Surmonter la montagne de dettes de l’Europe

BERLIN – Le Fonds monétaire international (FMI) estime que le coût net du soutien dispensé au secteur financier par les pays du G20 en 2009 à la suite de la crise s’élève à 1,7 pour cent du PIB mondial (soit 905 milliards de dollars), tandis que les paquets fiscaux se sont élevés à 2 pour cent du PIB mondial en 2009 et 2010. À l’exception du Luxembourg et de la Finlande, tous les pays de la zone euro ont accusé des déficits publics de plus de 3 pour cent de leur PIB en 2009, tandis que la Grèce, l’Espagne et l’Irlande devaient faire face à des déficits publics de plus de 10 pour cent de leur PIB. Au cours d’une seule année, la dette publique de l’ensemble des pays de la zone euro a crû de presque 10 points de pourcentage (pour atteindre 78,7 pour cent du PIB en 2009, comparé à 69,3 pour cent en 2008).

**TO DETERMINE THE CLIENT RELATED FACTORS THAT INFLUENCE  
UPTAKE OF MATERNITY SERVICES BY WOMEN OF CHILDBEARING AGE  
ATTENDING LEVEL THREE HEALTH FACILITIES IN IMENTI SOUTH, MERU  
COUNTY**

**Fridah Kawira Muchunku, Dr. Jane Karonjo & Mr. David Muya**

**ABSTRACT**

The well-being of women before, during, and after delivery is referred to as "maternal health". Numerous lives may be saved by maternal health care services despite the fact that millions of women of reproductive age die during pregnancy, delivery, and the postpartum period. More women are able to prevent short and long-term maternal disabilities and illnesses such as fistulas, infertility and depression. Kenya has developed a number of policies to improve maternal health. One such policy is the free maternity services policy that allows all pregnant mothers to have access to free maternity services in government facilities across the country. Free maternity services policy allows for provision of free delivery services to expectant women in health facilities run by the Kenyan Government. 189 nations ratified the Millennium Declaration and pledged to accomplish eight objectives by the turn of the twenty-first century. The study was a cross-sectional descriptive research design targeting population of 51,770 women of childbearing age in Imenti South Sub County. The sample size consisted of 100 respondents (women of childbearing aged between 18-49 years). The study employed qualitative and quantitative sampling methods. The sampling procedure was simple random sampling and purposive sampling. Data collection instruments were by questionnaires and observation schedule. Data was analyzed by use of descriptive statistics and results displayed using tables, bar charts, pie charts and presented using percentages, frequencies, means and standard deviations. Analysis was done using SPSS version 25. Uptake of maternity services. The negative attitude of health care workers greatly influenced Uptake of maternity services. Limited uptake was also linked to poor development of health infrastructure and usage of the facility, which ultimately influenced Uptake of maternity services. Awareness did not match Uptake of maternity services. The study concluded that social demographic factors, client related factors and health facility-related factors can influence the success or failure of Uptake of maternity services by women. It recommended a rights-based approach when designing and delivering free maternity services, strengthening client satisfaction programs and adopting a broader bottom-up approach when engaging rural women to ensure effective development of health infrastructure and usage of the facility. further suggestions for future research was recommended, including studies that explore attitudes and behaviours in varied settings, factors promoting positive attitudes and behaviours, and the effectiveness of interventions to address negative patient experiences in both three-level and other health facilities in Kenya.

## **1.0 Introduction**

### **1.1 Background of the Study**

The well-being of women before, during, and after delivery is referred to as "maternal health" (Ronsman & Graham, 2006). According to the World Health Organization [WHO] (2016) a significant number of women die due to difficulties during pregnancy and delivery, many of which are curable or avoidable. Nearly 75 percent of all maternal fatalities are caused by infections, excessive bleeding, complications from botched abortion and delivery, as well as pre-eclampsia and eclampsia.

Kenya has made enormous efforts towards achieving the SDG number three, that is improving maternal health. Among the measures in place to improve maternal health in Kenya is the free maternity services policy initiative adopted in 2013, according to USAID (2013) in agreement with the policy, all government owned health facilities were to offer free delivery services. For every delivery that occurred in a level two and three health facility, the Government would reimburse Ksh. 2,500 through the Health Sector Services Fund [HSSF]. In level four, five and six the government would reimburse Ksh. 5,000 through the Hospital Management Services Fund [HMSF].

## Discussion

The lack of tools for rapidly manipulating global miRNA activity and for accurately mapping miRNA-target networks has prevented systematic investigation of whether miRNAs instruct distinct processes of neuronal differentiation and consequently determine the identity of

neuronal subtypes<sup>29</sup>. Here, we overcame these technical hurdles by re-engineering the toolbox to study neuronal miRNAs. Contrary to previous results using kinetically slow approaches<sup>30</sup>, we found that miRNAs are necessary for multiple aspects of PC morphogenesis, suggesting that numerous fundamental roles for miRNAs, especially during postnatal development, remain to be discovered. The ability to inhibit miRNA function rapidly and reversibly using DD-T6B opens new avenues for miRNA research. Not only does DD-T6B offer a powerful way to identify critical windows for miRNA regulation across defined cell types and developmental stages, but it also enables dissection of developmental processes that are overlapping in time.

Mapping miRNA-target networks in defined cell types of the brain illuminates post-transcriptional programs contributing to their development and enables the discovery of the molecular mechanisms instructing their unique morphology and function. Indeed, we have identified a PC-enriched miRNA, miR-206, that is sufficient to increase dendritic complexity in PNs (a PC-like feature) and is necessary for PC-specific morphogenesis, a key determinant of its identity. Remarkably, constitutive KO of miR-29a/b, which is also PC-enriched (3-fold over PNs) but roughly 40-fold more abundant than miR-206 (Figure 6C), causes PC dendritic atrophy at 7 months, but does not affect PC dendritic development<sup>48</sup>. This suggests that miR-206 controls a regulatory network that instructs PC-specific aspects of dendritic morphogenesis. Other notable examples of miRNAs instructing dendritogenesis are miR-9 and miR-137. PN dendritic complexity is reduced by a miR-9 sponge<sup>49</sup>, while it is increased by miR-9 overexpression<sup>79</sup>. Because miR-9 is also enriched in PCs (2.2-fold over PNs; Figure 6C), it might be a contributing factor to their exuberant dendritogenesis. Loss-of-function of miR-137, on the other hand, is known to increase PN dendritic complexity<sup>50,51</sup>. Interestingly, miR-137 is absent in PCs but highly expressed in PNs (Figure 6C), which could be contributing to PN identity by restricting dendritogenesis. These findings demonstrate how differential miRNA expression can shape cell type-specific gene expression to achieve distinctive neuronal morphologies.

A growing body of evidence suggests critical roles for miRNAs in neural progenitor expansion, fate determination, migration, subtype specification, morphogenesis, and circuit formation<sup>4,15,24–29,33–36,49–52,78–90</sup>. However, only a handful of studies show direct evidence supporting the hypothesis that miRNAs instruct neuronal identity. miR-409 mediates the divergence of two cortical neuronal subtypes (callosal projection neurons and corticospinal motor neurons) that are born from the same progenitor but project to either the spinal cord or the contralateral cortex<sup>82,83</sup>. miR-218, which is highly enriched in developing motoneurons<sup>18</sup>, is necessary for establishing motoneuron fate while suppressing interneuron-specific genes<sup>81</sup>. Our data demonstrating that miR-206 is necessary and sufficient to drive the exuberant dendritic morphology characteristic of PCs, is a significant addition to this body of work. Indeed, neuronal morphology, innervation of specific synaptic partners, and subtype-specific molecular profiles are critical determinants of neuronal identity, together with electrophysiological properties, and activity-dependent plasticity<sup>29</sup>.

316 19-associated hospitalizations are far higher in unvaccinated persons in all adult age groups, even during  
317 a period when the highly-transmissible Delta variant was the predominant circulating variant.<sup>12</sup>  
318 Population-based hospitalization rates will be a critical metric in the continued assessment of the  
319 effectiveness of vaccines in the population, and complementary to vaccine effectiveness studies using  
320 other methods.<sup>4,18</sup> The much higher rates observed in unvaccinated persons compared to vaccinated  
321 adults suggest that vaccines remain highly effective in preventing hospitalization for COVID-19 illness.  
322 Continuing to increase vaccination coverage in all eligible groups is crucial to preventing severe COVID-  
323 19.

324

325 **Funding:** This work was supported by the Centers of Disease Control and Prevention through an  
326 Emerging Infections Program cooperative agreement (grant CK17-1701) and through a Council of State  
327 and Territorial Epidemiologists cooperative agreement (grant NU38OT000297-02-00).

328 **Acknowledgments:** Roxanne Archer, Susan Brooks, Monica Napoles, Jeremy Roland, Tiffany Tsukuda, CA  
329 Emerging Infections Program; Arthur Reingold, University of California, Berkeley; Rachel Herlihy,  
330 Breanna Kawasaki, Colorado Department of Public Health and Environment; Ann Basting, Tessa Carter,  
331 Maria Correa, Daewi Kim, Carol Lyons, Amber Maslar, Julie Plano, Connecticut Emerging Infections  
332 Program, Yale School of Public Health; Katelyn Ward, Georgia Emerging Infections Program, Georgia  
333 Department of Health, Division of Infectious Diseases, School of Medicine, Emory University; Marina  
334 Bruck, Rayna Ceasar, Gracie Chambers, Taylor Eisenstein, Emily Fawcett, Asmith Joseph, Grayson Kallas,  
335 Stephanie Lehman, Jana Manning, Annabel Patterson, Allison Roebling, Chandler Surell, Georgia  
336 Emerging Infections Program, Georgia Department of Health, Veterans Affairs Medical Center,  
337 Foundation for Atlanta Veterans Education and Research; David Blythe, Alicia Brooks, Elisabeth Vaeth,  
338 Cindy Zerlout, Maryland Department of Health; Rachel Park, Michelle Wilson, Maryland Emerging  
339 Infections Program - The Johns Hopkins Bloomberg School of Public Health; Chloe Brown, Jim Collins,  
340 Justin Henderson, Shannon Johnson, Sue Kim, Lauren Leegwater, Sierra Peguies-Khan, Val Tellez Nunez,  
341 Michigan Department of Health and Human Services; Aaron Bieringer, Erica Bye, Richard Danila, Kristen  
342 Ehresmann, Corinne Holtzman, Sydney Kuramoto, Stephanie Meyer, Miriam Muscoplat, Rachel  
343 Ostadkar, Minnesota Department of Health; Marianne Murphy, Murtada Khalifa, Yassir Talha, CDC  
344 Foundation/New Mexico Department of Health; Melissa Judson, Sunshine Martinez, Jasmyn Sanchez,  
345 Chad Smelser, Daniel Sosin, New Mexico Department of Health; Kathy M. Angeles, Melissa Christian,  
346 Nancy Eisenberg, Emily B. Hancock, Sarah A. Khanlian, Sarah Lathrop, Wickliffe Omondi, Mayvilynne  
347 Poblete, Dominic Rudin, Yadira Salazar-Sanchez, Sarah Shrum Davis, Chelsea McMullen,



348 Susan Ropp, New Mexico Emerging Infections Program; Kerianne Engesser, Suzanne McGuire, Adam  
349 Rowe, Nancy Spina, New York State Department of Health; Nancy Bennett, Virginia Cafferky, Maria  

Pour ce qui est de l’Allemagne, le budget fédéral pour 2010 affichait un déficit record de plus de 50 milliards d’euros. La dette publique dépassera les 1,7 mille milliards d’euros, soit près de 80 pour cent du PIB. Le remboursement des intérêts de la dette, qui consomme plus de 10 pour cent du budget fédéral allemand, ira croissant parallèlement à un endettement toujours plus élevé – et encore plus rapidement si les taux d’intérêts augmentent.

La crise financière et la récession subséquente n’expliquent pourtant qu’en partie ces niveaux élevés d’endettement. La vérité est que plusieurs pays d’Europe et du G20 ont vécu bien au-dessus de leurs moyens – y compris l’Allemagne, malgré sa réputation de parangon  de rectitude fiscale.

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